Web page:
Bhagat answers his own question by enjoining the Kashmiri youth to declutter the geographical dimensions of Jammu and Kashmir and focus on Jammu, Kashmir and Ladakh- especially what is the centre of gravity of the state: Kashmir valley. Pointing out to the small size of the vale- geographically and demographically- Bhagat posits that given these limitations , Kashmir will not hold its own as an independent state. He then adduces an imaginary condition and asserts that Kashmir, as an independent country will be a locus of crime and drug trafficking and terrorism. Bhagat then ties this condition to an Islamist takeover of Kashmir with the issue of women’s rights – all added up would mean that there would be no investment in Kashmir and its status as an independent nation will be impugned.
Given all these limitations and constraints, Bhagat wants to make Kashmiri youth see the obvious and cleverly enjoins this through the filter of Kashmiri nationalism: he wants Kashmiri youth to break shibboleths and opt for integration with India- a country which is an emerging economy. He goes further by enjoining Kashmiri youth to start a new movement which seeks abrogation of Article 370 and then counsels the same youth to apportion blame on Pakistan and its army and not the Indian Army. Bhagat closes by  a curious non sequitur and admonishes Kashmiri youth: he asks them not to burst crackers when India loses because, in the words of  Bhagat, when India fails, Kashmiris will fail too.
Bhagat has a feverish imagination , a lop sided view on Kashmir. His letter essentially is in the nature of a patronizing diatribe which conflates misinformation and a naive sentimentalism shorn of reason to make India’s case in Kashmir.
While the author , given the nature of his profession(journalism) and the set of ethics that flows from this maintains equidistance and neutrality regarding Kashmir’s  political alignment, he would make a hypothetical case to debunk Bhagat’s myth making.
The correlation that Bhagat draws between an independent Kashmir and its slide into a “ terrorist , drug haven “ is specious. Why would Kashmir become a haven for insalubrious activity? The author’s beliefs are a case of projection: he projects his inspid imagination onto Kashmir and deduces a flawed scenario for Kashmir. Yes: India is an emerging economy but  the world that we inhabit contemporarily is defined by globalization and the global economy where investment flows gyrate to places for an n number of reasons. It needs to be stated here, for the sake of argument that investment flows to even conflict economies. Bhagat should not worry about the survival of Kashmir; he is neither an economist nor a financial expert. His education, it would appear does not permit him to see beyond his nose.  Women’s rights are an ongoing process which is happening in Kashmir as this goes to press and the process is happening despite the state; it is organic process which will happen.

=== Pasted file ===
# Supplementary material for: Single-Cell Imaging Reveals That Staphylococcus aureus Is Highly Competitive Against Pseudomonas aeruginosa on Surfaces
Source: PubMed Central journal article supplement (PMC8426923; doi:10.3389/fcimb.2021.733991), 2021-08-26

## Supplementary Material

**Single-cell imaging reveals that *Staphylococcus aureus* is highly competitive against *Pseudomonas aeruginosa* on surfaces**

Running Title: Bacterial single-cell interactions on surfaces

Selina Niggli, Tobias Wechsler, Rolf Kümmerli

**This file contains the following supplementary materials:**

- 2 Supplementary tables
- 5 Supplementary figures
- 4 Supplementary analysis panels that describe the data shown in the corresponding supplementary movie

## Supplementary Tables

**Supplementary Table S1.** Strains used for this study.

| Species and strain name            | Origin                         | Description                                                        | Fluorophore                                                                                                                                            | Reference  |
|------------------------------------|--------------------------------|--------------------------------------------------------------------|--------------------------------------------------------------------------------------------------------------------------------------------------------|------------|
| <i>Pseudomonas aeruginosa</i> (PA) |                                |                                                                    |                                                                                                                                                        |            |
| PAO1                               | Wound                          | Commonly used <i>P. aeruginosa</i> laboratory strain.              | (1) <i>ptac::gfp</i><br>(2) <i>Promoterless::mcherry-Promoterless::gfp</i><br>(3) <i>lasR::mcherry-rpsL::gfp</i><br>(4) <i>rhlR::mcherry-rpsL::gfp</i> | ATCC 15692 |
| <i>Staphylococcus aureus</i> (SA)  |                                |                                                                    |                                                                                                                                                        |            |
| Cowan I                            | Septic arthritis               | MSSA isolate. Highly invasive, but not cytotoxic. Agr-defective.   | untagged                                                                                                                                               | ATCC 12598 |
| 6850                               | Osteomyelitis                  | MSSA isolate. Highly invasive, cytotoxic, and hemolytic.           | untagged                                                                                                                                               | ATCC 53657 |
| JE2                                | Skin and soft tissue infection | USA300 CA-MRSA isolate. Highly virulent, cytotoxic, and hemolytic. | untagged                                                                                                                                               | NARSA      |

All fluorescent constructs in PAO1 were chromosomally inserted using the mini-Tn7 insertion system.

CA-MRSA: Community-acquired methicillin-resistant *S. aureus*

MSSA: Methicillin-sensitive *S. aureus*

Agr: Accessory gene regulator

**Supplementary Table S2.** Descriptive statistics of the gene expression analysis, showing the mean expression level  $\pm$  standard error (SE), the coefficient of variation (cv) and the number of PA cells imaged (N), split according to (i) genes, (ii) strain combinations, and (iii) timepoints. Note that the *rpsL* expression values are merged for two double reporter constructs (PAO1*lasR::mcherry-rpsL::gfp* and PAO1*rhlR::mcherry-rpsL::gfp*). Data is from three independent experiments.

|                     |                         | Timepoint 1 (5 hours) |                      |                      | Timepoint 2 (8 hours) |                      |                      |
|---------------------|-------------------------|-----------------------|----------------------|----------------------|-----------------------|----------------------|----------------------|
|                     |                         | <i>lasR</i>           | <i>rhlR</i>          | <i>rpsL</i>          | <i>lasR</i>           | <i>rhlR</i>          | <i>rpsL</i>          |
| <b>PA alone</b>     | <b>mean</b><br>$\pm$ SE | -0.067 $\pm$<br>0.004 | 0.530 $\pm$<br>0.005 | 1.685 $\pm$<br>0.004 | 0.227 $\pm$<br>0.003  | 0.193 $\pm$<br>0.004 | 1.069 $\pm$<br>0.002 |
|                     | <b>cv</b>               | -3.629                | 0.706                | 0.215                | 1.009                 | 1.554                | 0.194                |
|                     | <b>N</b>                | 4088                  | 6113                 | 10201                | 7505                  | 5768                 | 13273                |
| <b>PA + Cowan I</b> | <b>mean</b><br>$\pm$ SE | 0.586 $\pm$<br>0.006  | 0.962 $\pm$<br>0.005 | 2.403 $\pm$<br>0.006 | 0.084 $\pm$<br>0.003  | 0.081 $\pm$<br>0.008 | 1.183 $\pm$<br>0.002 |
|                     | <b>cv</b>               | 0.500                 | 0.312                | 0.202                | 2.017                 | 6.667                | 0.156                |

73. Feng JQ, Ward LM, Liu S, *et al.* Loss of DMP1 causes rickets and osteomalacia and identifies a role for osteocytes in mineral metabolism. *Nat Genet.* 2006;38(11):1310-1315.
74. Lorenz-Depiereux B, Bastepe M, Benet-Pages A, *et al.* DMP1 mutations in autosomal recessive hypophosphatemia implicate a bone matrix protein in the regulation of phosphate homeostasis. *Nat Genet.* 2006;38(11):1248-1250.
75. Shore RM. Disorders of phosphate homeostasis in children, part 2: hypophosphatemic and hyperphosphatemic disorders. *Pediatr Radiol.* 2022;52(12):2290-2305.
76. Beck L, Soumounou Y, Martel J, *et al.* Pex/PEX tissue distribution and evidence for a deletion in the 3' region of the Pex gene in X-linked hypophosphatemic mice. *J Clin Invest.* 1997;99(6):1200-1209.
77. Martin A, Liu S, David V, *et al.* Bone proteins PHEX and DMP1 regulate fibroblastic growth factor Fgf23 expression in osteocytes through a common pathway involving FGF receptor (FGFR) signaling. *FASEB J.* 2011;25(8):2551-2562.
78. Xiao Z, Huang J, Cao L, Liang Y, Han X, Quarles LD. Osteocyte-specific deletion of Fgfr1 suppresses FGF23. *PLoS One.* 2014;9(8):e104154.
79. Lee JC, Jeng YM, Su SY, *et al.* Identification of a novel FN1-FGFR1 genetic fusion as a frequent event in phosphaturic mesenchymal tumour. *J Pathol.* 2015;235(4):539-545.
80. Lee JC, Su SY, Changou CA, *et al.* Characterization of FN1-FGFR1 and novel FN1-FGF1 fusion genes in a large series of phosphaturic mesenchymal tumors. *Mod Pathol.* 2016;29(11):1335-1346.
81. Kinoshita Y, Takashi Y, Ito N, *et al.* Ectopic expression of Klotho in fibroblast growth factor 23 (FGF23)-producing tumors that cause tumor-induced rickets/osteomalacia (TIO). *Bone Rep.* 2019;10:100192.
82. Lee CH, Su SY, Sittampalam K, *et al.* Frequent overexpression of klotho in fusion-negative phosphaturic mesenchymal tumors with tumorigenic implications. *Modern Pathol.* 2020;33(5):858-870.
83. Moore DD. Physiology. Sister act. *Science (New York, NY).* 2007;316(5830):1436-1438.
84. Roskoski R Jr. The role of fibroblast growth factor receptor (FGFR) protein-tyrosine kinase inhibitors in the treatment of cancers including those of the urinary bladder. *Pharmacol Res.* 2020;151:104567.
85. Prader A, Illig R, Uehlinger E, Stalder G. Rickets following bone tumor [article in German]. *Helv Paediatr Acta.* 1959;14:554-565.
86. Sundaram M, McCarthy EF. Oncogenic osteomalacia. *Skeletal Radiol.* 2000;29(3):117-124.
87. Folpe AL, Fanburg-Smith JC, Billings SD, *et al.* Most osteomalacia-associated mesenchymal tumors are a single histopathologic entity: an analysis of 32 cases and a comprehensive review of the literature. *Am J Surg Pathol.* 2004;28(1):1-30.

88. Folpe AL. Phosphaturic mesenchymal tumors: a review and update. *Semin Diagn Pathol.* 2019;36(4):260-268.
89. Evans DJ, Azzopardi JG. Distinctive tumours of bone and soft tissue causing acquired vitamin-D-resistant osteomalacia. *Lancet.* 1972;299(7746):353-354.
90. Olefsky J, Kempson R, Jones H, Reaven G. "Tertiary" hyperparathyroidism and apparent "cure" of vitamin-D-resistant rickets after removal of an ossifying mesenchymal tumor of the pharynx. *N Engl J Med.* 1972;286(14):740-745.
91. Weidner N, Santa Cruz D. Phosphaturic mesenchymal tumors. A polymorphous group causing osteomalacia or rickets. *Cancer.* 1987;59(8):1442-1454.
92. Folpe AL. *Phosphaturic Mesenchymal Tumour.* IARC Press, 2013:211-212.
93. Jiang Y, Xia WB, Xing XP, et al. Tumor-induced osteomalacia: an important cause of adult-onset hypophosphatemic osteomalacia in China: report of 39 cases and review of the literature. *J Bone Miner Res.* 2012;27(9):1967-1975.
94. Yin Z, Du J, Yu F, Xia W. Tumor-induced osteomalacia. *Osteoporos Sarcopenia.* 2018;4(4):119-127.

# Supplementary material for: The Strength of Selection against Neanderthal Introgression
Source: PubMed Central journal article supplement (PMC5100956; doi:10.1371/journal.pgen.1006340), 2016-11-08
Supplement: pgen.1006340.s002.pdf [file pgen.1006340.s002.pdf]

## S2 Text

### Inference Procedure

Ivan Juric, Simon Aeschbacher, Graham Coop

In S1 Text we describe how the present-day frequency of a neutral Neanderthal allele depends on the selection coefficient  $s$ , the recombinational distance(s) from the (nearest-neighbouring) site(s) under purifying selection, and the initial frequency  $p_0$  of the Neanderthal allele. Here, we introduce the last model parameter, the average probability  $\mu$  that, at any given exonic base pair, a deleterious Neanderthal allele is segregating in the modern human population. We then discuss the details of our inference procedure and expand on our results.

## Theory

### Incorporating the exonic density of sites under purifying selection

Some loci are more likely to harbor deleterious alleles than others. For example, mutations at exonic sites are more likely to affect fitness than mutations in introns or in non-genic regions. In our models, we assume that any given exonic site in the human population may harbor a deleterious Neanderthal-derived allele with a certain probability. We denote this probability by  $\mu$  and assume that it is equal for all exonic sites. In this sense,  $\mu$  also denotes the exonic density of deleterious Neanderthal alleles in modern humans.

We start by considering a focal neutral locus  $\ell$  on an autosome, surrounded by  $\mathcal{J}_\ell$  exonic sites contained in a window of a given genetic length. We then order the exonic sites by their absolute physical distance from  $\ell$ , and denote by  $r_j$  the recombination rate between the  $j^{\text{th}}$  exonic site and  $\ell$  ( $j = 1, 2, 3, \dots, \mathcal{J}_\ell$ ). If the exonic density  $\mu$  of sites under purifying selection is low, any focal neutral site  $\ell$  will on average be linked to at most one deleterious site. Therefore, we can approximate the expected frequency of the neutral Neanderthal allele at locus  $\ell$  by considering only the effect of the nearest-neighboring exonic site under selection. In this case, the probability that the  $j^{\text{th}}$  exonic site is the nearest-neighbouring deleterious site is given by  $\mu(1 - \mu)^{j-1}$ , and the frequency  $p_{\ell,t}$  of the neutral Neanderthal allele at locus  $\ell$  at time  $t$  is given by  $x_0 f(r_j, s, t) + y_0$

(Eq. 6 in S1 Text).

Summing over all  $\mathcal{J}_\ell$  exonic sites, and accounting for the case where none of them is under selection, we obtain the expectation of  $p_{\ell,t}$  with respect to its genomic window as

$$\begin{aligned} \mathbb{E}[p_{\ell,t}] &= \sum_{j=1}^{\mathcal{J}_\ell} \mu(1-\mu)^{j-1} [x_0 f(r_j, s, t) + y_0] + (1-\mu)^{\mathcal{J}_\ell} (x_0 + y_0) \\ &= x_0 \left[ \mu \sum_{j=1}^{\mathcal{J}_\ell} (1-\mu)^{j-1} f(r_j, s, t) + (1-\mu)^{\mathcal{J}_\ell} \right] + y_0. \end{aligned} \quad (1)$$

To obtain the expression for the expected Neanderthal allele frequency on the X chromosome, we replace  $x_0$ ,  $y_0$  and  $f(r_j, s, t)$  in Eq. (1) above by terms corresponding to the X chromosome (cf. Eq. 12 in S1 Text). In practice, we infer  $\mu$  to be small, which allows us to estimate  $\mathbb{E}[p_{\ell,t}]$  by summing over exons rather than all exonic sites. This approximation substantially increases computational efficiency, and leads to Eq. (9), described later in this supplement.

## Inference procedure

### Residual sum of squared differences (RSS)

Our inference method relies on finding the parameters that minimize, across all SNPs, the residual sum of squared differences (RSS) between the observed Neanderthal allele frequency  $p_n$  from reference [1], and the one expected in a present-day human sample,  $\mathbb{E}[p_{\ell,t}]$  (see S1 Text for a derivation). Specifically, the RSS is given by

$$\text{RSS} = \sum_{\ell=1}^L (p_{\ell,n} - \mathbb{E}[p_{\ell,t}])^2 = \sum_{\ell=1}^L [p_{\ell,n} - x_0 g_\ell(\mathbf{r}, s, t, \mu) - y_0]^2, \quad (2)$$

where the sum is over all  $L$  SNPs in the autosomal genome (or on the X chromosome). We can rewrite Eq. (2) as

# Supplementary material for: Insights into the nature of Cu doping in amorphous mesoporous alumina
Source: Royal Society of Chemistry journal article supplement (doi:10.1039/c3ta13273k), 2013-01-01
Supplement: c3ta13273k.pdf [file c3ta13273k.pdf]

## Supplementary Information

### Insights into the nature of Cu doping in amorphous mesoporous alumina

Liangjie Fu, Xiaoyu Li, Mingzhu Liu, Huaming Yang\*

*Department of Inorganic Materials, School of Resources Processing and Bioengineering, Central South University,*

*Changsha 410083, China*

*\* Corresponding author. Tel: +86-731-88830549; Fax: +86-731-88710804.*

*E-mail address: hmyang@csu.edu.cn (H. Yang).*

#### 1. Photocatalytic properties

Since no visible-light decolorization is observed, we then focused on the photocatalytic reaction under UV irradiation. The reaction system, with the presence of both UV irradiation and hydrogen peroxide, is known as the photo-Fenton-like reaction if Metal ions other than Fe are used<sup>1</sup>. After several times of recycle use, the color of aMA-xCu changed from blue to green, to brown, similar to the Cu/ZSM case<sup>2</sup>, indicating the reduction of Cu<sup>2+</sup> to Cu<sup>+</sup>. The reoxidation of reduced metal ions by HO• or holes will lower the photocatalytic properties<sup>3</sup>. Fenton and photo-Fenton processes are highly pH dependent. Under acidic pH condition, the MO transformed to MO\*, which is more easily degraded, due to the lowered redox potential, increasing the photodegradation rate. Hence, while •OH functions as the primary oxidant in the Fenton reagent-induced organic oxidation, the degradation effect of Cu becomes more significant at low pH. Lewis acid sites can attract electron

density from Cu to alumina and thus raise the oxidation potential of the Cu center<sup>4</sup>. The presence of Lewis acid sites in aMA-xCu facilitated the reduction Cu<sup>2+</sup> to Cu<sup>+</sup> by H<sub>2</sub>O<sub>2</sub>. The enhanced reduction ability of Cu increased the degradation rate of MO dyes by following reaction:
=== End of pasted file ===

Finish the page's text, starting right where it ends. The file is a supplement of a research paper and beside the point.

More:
The most offensive part of Bhagat’s letter is his patronizing attitude to Kashmir by enjoining youth to start a new movement whic is pro India and against Pakistan. He, by doing so, presents an “ Us” versus “ them” mentality and is laying the conceptual seeds of another conflict , howsoever hypothetical this new conflict is.
 If Bhagat were sincere and really cared about Kashmir, he would or should have begun with an apology- apology over the NIT fracas, initiated by non local students provocatively; he should have the n apologized for the state’s clumsy approach towards the people( six people have died in Kashmir over the last week on account of a provocation which could have been handled with sobriety and honesty) and then Bhagat should have sought a reconciliation process wherein all stakeholders to the conflict in and over Kashmir would have been involved- including Pakistan. He should have sought and enjoined people from all backgrounds and all stakeholders to initiate a dialogue on Kashmir. The premise that could have informed this dialogue would be disavowal of crude sovereigntism, jingoism and false nationalism. Bhagat should have rooted for a tabula rasa (blank slate) for all stakeholders to Kashmir and sought a fresh beginning- the kind that would redound to the benefit of all stakeholders, especially Kashmiris in the larger interests of long term peace, amity and prosperity. But asking this from Bhagat would be asking for the moon for he writes with a slant and partisan ship that is not only crude but also rude and offensive